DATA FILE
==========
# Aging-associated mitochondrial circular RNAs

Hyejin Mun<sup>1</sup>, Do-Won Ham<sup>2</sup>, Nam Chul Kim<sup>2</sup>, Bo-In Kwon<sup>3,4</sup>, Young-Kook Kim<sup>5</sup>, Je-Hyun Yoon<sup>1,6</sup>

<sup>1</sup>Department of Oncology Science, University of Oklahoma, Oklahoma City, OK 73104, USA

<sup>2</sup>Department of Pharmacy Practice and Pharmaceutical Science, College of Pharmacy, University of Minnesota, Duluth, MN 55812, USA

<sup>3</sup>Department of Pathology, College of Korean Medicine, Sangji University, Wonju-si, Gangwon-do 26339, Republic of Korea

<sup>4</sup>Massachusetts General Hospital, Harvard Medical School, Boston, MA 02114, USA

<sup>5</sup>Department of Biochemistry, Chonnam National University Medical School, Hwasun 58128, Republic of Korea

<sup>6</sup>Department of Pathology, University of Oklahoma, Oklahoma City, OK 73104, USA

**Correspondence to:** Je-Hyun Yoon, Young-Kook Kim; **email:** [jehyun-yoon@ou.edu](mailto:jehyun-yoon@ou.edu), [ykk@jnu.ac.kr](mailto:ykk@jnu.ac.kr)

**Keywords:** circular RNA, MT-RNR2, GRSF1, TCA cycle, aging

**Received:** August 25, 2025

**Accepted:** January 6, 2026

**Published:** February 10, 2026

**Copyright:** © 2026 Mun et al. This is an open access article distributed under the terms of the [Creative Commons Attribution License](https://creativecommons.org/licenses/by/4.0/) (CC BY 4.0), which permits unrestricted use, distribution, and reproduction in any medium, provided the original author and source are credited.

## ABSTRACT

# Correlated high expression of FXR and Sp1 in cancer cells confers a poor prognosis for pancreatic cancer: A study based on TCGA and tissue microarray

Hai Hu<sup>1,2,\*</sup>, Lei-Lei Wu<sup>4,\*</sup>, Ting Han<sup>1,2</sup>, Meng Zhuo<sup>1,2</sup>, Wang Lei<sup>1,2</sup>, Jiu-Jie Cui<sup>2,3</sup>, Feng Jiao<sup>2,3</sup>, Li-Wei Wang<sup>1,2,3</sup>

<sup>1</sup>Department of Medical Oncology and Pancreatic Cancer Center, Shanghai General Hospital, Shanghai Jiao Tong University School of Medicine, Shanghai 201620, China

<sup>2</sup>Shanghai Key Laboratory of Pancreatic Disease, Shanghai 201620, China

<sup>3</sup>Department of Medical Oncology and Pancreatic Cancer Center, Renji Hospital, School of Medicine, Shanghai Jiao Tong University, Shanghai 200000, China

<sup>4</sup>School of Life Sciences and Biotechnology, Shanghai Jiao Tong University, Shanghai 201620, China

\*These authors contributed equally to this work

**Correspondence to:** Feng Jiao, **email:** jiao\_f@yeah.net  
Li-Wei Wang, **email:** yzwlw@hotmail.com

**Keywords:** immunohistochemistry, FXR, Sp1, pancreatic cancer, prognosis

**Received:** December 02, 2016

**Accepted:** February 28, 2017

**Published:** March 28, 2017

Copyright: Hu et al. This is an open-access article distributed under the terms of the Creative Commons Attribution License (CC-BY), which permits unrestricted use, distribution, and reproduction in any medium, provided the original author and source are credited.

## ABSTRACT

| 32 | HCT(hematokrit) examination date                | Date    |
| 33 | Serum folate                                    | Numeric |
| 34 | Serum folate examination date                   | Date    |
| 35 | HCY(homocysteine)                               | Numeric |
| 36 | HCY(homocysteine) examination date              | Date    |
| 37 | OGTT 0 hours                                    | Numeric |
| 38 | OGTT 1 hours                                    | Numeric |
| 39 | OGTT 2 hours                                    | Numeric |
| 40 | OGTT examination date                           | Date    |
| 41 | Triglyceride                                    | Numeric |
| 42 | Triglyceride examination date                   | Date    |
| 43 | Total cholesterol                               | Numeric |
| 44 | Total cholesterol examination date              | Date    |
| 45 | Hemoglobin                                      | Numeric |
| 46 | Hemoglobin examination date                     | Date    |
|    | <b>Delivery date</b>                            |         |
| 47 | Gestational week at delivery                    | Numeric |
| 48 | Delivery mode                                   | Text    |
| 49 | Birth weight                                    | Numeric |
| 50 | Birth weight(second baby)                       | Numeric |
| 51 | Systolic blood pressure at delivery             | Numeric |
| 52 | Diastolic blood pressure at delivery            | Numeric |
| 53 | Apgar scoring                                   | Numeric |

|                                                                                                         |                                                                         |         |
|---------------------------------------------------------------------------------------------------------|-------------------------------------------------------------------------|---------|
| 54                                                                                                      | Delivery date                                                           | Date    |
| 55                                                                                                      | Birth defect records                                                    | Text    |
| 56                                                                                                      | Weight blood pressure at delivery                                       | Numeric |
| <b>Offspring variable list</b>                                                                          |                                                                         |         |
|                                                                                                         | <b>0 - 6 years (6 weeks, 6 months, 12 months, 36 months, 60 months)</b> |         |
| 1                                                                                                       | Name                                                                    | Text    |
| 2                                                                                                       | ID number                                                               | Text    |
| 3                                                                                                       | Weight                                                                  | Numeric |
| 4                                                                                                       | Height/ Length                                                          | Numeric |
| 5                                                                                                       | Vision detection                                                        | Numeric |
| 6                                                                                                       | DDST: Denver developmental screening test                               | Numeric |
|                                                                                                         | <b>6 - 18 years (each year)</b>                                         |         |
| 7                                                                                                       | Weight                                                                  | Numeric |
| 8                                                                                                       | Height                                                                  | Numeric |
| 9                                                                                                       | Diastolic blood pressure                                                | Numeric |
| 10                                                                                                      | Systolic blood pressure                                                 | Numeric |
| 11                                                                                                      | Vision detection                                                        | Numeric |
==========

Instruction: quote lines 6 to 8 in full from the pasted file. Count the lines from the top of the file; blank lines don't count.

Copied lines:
<sup>4</sup>Massachusetts General Hospital, Harvard Medical School, Boston, MA 02114, USA

<sup>5</sup>Department of Biochemistry, Chonnam National University Medical School, Hwasun 58128, Republic of Korea

<sup>6</sup>Department of Pathology, University of Oklahoma, Oklahoma City, OK 73104, USA